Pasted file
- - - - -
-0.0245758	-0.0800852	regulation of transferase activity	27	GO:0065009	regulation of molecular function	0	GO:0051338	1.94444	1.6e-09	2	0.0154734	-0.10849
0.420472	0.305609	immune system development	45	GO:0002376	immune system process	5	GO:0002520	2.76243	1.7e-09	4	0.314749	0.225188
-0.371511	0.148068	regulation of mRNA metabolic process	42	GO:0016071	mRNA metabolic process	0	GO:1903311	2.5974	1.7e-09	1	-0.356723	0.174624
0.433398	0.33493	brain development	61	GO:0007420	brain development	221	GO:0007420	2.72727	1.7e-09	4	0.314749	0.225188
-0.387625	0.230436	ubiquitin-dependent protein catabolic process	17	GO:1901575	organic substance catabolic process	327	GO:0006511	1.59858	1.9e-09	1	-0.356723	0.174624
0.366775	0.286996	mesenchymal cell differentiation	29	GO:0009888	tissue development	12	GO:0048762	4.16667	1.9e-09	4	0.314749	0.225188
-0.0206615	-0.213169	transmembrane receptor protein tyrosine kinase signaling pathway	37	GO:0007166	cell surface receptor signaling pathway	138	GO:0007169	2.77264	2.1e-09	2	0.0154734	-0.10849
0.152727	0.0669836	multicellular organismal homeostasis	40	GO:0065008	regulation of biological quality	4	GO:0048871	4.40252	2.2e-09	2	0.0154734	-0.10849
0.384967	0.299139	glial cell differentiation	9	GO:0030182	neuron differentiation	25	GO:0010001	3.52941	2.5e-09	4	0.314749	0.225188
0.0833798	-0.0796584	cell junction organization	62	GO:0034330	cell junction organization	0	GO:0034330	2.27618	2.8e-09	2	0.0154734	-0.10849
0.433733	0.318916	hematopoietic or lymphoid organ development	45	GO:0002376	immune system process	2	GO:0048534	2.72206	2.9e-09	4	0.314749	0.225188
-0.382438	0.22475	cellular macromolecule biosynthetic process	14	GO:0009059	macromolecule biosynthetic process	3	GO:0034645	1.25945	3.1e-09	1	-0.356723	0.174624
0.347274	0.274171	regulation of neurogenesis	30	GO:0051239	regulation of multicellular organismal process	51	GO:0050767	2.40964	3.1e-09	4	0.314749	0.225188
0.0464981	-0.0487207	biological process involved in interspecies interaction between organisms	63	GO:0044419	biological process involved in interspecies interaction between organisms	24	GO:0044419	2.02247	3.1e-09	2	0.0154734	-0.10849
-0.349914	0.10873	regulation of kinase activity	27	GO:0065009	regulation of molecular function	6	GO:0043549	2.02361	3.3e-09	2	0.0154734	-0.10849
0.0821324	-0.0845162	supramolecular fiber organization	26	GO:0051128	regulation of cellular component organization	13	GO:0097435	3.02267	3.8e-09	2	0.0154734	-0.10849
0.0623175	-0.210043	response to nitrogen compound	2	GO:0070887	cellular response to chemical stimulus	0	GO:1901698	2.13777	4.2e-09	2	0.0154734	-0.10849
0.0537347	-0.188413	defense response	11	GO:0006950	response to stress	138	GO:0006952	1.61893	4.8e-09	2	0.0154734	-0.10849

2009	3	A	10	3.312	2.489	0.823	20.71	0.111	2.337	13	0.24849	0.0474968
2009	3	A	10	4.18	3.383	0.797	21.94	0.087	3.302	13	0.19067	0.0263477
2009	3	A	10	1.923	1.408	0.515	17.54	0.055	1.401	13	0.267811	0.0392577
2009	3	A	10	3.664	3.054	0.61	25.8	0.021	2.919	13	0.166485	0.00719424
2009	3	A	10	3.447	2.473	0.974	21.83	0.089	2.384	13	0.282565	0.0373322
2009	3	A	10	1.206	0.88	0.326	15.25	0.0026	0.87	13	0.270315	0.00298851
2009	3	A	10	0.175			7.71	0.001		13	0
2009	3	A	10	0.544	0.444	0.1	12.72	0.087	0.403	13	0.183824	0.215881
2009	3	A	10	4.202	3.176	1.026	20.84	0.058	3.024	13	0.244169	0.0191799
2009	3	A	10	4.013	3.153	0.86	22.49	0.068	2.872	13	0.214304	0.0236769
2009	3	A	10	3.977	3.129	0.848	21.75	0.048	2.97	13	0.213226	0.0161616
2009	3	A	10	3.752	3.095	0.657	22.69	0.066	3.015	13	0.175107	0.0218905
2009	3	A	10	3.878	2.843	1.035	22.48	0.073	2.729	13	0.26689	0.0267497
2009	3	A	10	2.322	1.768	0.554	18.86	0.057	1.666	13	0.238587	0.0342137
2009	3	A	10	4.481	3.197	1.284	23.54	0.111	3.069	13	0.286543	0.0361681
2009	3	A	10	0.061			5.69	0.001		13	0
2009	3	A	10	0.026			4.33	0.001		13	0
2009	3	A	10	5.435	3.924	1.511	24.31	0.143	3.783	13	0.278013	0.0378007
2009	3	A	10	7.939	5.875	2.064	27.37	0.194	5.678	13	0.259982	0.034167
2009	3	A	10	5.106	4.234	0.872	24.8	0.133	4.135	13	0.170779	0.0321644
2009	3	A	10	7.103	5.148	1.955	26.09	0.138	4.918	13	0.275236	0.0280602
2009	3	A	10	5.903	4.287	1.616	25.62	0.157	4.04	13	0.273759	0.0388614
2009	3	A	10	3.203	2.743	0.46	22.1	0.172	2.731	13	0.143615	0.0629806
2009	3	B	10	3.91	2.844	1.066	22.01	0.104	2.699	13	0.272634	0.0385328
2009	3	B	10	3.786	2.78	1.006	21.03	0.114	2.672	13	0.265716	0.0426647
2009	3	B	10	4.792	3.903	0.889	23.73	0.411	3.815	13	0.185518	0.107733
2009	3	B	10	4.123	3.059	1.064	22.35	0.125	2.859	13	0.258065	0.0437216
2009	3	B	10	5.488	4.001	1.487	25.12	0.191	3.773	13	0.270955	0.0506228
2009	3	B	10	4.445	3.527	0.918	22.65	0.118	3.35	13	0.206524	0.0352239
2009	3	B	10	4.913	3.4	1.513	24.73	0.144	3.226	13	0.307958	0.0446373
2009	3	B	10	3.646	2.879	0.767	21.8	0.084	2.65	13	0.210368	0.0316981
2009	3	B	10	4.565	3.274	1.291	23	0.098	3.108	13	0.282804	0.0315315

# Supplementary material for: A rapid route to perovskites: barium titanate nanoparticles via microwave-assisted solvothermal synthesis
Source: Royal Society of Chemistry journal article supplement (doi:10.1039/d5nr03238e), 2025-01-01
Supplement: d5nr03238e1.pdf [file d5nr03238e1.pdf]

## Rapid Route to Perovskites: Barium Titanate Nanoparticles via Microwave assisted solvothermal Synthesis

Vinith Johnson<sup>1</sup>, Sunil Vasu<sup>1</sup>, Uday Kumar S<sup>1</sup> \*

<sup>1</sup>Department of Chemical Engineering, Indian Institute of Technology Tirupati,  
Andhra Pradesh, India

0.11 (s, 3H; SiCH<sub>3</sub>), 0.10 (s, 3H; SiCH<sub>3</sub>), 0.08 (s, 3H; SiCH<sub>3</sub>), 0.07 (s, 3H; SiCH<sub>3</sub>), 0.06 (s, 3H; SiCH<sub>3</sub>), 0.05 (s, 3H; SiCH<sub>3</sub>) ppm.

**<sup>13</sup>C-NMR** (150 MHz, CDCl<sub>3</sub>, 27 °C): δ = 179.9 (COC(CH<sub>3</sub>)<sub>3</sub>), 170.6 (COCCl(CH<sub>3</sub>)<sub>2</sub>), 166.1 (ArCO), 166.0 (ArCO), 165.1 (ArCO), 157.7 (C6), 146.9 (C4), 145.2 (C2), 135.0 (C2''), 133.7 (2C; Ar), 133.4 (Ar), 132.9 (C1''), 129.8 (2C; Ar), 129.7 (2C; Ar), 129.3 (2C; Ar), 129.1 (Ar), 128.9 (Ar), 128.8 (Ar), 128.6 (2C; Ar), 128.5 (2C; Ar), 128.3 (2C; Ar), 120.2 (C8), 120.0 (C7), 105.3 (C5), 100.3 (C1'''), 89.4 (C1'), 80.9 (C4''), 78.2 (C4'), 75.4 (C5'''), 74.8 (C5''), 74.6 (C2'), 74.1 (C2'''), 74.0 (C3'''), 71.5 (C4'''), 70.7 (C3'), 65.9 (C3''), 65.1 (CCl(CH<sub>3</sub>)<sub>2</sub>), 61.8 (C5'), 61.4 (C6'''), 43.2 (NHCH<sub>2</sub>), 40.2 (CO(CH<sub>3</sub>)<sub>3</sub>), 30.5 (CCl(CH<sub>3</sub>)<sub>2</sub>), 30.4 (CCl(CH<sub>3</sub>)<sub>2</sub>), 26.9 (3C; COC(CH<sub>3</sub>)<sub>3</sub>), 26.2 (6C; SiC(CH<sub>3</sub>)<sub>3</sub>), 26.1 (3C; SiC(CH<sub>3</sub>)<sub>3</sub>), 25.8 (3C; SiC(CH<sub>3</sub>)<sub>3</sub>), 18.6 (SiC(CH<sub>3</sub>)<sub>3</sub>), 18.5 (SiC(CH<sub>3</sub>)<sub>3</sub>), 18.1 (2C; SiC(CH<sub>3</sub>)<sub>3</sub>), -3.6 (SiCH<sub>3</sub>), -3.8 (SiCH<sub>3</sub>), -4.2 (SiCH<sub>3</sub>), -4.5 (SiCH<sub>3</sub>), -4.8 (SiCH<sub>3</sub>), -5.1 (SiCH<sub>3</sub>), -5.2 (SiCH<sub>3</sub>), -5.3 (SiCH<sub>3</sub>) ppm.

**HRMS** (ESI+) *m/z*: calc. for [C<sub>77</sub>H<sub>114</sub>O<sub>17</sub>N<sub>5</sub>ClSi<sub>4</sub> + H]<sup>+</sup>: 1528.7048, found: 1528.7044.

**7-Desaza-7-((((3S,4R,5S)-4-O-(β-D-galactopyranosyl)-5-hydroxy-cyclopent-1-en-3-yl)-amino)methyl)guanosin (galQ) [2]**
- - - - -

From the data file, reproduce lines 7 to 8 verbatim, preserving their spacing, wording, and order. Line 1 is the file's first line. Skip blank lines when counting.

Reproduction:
-0.0206615	-0.213169	transmembrane receptor protein tyrosine kinase signaling pathway	37	GO:0007166	cell surface receptor signaling pathway	138	GO:0007169	2.77264	2.1e-09	2	0.0154734	-0.10849
0.152727	0.0669836	multicellular organismal homeostasis	40	GO:0065008	regulation of biological quality	4	GO:0048871	4.40252	2.2e-09	2	0.0154734	-0.10849